The TU Delft and Koninklijke Gazelle have developed a prototype of a bicycle with a smart steering assistance. In the future, this bicycle will help reduce the number of falls. The bicycle operates with a smart motor in the handlebars that adjusts the steering when the bicycle threatens to fall over. Using this system, the bicycle remains stable above speeds of 4 km/h.

More falls with bicycles

The Dutch road safety institute SWOV (Stichting Wetenschappelijk Onderzoek Verkeersveiligheid) has established that the number of serious traffic accidents is decreasing every year. However, with cyclists the accident rate actually increased some 30% from 2000 to 2010. Serious bicycle accidents are often the result of the cyclist losing control over the bicycle. In many cases this cyclist is an older person.
The TU Delft and Gazelle want to do something about this. The Dutch bicycle is renowned for it safety. This is largely because of the high degree of steering stability and the upright sitting position. Now that there are increasing numbers of e-bikes, which are typically heavier and faster than the ‘normal’ city bicycles, additional attention to bicycle safety is timely.


To make the bicycle safer, TU Delft and Gazelle jointly developed a prototype of an electric bike with steering assistance. This steering assistance system is the first in the world that can maintain a bicycle upright using a motor in the steering tube. This motor adjusts the steering when the cyclist threatens to fall over. ‘This system keeps the bike and its rider stable at speeds above 4 km/h’, says researcher Dr. Arend Schwab from the TU Delft.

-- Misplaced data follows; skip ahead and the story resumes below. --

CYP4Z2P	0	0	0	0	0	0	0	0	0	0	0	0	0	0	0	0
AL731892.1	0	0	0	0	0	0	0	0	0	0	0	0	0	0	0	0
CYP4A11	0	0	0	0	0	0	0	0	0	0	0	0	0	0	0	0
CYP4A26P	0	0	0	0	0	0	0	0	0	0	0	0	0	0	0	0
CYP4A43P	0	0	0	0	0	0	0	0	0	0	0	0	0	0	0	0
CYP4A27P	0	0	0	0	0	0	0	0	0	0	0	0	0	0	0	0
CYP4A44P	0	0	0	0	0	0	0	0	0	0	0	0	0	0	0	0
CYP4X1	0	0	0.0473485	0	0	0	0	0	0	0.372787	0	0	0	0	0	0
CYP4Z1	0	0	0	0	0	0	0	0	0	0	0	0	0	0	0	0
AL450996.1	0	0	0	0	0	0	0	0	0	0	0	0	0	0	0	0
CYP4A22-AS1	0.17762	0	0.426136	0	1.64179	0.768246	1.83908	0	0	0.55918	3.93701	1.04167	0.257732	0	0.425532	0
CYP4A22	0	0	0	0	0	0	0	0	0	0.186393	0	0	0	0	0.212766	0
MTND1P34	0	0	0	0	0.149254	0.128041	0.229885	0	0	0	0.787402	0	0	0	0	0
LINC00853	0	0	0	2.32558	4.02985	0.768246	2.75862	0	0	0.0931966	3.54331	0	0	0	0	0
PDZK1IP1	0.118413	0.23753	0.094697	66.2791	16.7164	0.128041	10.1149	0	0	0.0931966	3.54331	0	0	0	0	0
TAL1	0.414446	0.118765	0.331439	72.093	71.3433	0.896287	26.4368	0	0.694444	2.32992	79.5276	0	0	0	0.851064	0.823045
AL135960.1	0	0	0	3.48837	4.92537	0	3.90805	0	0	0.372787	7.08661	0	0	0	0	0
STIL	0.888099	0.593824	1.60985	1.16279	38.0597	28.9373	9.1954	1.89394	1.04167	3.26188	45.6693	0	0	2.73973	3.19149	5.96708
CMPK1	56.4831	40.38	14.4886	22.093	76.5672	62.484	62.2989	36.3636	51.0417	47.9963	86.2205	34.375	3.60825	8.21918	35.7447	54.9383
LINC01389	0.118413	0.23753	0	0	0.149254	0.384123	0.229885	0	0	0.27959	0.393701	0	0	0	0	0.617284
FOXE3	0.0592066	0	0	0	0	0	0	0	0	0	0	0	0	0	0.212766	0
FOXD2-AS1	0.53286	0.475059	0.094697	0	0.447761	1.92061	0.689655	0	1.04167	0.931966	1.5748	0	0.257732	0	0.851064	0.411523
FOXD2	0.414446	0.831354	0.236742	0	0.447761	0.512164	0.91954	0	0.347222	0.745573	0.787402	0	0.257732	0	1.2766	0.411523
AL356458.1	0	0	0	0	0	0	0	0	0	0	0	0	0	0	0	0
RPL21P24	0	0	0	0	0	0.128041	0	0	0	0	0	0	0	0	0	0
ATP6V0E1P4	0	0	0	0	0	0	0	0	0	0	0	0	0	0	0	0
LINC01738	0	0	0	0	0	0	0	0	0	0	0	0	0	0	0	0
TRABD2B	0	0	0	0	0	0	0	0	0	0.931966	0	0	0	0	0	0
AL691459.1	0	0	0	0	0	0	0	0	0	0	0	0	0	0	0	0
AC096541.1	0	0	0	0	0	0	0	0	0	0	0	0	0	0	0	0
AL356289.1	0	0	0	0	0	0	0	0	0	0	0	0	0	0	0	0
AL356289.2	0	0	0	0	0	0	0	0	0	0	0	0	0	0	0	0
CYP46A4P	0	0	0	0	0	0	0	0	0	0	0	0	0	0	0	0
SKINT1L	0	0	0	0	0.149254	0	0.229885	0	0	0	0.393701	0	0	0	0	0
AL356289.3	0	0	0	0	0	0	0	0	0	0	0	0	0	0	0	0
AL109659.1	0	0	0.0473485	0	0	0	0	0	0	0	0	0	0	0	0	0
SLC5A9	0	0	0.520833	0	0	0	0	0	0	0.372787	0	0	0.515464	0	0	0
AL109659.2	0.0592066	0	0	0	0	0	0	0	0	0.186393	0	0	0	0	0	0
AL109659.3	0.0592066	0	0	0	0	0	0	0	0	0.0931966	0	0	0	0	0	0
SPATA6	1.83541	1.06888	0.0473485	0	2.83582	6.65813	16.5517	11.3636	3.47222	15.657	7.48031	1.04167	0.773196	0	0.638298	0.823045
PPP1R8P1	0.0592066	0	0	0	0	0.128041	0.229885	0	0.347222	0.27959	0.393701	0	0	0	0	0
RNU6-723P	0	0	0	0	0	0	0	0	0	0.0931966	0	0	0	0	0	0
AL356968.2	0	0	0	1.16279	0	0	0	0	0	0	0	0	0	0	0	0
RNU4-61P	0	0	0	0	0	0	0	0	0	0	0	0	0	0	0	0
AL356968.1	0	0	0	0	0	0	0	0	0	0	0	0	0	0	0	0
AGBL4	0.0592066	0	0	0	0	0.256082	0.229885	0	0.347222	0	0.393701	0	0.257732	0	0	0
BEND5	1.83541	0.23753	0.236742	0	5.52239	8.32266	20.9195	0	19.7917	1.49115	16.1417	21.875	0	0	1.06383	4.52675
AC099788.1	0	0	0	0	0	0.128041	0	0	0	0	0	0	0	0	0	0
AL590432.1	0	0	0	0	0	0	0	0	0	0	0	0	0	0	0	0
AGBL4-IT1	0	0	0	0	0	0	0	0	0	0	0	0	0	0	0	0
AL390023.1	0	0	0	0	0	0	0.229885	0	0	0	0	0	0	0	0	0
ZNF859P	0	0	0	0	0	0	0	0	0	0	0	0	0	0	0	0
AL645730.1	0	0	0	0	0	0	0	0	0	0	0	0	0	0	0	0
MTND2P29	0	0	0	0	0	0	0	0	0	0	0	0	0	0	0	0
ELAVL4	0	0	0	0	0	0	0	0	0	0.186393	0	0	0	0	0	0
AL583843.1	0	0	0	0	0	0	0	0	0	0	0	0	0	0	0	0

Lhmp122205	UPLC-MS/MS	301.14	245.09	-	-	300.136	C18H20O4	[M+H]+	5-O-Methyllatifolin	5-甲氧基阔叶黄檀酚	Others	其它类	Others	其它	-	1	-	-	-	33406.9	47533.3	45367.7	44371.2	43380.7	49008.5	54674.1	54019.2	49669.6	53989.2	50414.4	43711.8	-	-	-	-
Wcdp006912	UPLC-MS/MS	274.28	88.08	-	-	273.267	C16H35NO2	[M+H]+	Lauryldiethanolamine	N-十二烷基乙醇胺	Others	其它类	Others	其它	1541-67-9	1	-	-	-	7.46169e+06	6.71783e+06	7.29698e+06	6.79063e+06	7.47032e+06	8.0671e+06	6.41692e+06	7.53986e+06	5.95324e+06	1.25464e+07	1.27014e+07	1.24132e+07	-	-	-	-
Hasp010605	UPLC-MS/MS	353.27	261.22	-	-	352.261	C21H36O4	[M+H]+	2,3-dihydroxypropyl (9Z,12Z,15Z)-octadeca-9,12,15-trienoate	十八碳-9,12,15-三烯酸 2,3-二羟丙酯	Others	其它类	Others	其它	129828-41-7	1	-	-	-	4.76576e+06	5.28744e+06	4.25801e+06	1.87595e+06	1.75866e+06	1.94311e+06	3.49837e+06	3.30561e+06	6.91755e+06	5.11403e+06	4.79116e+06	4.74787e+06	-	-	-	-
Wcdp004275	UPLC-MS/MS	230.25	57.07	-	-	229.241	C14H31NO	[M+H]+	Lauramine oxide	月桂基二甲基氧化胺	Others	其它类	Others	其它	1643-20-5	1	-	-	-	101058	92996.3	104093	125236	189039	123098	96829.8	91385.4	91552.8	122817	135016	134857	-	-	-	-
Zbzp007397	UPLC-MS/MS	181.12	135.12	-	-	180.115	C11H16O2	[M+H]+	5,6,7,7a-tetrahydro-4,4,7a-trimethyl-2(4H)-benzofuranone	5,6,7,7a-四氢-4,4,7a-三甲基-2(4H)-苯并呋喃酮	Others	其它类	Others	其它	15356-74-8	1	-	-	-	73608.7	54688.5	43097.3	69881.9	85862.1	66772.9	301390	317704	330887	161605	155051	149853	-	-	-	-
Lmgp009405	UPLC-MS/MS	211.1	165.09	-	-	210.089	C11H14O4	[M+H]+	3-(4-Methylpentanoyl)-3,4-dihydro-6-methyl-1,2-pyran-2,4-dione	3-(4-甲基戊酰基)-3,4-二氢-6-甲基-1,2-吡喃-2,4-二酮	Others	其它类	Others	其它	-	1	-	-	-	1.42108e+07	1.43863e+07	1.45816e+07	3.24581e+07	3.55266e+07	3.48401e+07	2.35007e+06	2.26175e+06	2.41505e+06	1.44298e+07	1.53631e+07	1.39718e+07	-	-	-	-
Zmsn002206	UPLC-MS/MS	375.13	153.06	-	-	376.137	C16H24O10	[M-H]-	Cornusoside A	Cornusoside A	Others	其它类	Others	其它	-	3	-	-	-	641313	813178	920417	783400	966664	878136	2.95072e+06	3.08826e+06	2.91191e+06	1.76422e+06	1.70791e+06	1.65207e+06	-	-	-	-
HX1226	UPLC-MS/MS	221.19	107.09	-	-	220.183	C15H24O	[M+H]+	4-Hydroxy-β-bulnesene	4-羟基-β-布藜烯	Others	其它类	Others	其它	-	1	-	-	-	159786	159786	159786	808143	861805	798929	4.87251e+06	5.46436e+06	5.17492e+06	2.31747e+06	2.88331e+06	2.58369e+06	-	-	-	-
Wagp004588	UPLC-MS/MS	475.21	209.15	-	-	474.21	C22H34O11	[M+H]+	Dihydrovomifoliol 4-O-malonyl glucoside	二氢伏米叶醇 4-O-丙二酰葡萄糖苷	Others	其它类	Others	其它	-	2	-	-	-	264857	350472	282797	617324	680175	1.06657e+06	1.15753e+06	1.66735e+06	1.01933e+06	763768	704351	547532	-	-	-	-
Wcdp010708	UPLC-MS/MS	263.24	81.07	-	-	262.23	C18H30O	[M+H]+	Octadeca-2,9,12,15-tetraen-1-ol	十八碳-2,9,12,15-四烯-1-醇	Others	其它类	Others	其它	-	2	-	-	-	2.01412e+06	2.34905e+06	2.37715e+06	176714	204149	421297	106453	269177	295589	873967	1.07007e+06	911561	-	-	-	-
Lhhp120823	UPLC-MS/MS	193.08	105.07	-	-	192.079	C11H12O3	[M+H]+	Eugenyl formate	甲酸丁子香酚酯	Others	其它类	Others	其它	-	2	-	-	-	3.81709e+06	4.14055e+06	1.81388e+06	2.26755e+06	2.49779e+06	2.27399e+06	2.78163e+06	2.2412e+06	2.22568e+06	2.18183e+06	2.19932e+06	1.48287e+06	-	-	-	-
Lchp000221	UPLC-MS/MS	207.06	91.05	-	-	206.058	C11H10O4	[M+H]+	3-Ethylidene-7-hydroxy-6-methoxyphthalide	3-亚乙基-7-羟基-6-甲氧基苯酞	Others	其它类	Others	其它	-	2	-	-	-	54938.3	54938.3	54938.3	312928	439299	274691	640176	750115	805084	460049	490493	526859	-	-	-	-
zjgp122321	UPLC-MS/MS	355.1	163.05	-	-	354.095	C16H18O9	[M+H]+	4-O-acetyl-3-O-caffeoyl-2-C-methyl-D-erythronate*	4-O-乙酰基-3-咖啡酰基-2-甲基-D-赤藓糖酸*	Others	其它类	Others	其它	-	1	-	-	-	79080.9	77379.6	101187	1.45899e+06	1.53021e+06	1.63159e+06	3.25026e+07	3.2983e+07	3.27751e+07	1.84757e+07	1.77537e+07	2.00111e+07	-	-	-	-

Fundamental science

The prototype combines fundamental scientific knowledge from the TU Delft, combined with practical experience from Gazelle. In the past 15 years, TU Delft has researched why bicycles do or do not fall. A few years ago already, Schwab and colleagues published theories in scientific publications about the stability of the bicycle.


Based on this research, the idea arose of actively supporting the rider and make the bicycle even more stable, through a steering-assist system. The technical realisation is not that difficult: a sensor is required that measures how fast the bicycle is falling, a small motor that can adjust the handlebars and a processor that drives the motor. The difficult part is mainly the finding of good algorithms for the processor to work with.
The amount of electronics is relatively modest (photo: TU Delft/Gazelle).


Much research is still required before the steering-assist is ready for use by the consumer. The prototype is now mostly used to test how users experience the steering-assist, and to determine which kind of assistance works best. The first results do indicate that some people do find it easier to keep the bicycle upright.

The steering-assist system is described in Science.

Source: TU Delft

Video: TU Delft